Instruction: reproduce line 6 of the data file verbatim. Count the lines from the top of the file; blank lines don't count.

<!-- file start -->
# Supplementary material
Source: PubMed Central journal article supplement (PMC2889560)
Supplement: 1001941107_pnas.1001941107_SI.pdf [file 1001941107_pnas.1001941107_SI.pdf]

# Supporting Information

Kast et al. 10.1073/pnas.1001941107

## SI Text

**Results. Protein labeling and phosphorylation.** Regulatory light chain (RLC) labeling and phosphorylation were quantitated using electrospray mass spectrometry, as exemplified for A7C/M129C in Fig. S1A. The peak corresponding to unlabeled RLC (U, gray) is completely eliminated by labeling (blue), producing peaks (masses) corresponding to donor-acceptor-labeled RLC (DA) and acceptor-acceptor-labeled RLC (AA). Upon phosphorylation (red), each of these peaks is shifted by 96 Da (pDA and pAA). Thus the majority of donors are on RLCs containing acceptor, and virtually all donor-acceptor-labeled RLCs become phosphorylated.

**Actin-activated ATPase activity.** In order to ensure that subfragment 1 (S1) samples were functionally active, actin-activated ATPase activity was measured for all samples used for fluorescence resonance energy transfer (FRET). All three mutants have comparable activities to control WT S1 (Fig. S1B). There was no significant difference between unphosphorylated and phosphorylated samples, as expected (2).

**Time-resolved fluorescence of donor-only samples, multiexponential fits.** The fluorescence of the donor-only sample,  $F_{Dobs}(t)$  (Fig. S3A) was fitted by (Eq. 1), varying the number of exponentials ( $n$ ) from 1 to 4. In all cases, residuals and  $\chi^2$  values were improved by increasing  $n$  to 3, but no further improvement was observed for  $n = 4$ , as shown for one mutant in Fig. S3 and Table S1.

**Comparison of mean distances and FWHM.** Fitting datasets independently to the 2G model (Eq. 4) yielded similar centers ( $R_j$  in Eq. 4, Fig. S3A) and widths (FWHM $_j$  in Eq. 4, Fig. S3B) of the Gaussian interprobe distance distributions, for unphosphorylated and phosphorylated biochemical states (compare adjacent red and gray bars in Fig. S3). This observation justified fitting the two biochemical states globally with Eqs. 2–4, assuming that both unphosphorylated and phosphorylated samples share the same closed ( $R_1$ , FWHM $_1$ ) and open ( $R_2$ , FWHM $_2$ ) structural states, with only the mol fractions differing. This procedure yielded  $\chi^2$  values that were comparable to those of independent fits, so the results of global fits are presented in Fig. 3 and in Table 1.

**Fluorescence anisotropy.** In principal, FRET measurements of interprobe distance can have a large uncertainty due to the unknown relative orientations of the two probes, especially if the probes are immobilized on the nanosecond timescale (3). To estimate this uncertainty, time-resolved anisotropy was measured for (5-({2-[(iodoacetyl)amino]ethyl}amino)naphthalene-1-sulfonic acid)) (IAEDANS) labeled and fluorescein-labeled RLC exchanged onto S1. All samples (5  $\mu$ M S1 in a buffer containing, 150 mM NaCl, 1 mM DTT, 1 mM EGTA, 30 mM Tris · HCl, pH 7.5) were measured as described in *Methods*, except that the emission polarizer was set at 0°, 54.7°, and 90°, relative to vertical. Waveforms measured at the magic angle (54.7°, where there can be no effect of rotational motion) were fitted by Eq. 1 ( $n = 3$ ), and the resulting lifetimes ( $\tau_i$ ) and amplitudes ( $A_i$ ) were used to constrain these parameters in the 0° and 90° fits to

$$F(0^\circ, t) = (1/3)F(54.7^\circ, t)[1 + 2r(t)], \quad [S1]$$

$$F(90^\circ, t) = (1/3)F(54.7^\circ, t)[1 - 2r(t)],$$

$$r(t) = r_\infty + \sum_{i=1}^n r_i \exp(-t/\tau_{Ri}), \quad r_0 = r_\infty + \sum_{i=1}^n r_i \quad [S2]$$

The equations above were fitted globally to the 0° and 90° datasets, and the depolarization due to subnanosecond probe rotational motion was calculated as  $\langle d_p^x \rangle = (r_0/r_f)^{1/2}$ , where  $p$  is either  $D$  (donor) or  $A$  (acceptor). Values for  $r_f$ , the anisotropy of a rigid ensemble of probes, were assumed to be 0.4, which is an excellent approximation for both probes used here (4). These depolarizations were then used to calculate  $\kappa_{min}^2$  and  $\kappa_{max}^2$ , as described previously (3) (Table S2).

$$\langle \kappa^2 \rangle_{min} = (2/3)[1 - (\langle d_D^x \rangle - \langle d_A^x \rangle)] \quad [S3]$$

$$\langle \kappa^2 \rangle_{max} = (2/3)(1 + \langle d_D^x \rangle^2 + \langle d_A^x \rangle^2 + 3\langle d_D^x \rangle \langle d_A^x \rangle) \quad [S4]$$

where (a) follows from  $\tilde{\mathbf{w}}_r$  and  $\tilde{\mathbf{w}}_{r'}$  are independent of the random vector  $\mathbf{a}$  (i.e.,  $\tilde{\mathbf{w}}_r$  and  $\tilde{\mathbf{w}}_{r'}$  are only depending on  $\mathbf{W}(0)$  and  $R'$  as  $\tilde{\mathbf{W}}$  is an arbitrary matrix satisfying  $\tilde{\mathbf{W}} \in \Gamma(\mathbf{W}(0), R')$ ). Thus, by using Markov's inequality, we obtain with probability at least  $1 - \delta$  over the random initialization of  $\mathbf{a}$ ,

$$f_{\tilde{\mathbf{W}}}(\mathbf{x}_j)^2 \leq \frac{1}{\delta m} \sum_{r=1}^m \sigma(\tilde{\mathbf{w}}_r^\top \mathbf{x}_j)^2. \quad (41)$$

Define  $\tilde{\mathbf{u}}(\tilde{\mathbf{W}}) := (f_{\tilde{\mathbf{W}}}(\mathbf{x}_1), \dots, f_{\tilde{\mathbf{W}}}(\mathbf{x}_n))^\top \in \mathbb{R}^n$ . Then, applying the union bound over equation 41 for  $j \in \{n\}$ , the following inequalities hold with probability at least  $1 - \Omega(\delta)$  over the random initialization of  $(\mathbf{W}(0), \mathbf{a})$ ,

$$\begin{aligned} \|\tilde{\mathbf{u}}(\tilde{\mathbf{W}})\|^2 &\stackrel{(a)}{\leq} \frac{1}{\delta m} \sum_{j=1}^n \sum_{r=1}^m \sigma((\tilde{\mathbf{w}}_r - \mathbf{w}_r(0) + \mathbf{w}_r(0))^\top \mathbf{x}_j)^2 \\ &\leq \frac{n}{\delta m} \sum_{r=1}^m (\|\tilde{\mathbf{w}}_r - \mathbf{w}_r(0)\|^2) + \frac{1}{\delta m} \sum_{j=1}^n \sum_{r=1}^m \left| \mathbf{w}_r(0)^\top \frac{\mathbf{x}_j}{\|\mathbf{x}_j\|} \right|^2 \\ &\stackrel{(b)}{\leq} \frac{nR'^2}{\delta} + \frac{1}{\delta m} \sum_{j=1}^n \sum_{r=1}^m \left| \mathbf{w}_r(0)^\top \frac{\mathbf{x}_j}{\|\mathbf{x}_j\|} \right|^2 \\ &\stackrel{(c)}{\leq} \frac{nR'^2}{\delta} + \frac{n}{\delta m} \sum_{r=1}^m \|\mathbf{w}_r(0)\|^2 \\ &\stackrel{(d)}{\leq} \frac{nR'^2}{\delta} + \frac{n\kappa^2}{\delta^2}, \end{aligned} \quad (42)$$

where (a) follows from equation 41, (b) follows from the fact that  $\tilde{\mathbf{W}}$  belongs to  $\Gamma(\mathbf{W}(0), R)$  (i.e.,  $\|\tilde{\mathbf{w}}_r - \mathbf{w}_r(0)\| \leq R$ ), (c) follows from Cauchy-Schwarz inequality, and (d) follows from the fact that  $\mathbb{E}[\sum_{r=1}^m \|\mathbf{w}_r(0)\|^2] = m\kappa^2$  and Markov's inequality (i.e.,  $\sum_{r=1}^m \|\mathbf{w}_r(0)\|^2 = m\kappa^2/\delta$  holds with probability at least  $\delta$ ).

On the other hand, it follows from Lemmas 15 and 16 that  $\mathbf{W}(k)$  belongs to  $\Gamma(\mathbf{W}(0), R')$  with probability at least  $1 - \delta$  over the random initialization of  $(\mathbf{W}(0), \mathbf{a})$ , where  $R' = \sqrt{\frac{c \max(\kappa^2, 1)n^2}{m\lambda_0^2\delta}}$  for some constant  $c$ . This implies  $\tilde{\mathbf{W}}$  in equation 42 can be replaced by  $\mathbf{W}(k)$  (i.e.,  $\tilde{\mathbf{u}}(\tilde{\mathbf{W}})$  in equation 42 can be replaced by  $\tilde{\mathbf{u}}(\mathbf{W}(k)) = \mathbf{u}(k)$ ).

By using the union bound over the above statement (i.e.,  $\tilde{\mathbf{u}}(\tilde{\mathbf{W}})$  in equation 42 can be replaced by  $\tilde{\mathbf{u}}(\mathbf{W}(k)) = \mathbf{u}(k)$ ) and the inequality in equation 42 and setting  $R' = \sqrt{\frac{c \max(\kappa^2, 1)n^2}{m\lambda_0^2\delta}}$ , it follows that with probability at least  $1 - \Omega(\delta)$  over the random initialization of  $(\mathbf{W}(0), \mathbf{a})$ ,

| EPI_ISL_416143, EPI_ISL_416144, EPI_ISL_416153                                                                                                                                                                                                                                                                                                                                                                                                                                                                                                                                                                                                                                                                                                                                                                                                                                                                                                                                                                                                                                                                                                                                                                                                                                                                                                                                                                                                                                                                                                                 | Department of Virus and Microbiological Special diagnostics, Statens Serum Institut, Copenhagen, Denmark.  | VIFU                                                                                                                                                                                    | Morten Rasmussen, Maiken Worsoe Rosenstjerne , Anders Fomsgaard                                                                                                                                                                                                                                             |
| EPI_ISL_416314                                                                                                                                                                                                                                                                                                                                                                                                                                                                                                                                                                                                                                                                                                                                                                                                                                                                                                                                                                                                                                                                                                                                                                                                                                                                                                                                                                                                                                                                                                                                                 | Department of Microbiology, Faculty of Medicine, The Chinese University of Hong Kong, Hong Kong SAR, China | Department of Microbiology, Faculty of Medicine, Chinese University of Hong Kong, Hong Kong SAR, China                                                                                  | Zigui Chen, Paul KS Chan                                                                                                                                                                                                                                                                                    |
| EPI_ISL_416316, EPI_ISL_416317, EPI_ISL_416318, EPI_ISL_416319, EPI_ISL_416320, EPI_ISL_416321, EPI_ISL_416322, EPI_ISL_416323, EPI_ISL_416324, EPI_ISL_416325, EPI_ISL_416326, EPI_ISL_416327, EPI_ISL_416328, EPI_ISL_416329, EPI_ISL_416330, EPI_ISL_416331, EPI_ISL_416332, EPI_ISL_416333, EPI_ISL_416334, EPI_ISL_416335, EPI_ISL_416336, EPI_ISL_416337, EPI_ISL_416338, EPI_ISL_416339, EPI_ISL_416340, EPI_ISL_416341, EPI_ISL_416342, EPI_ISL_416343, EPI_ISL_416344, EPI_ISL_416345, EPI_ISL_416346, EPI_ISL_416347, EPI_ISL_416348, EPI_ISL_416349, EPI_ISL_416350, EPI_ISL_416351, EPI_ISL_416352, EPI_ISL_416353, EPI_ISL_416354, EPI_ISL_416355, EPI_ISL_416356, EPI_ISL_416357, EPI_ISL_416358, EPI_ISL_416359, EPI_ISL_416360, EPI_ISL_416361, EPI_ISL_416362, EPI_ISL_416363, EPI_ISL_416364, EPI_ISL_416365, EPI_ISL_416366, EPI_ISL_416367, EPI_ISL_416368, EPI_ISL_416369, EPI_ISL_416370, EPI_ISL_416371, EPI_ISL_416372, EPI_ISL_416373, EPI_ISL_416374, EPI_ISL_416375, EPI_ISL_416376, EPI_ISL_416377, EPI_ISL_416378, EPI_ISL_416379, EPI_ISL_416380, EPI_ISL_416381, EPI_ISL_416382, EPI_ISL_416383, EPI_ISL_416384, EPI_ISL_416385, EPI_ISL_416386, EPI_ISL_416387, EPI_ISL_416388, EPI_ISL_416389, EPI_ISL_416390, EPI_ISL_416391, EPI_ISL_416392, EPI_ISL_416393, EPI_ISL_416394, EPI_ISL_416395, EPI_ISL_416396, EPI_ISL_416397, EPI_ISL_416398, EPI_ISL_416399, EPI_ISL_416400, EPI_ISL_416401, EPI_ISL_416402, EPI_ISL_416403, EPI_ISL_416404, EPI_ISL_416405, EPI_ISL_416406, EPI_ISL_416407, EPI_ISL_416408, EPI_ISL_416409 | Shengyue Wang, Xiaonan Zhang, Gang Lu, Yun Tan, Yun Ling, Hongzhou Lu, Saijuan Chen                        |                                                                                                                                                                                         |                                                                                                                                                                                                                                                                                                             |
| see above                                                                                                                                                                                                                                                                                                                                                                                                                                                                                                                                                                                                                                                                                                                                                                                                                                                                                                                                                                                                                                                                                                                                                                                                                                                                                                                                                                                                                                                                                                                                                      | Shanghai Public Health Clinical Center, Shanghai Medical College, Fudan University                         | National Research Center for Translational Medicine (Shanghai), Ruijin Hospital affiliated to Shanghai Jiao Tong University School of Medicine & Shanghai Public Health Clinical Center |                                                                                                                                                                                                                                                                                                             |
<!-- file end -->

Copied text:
## SI Text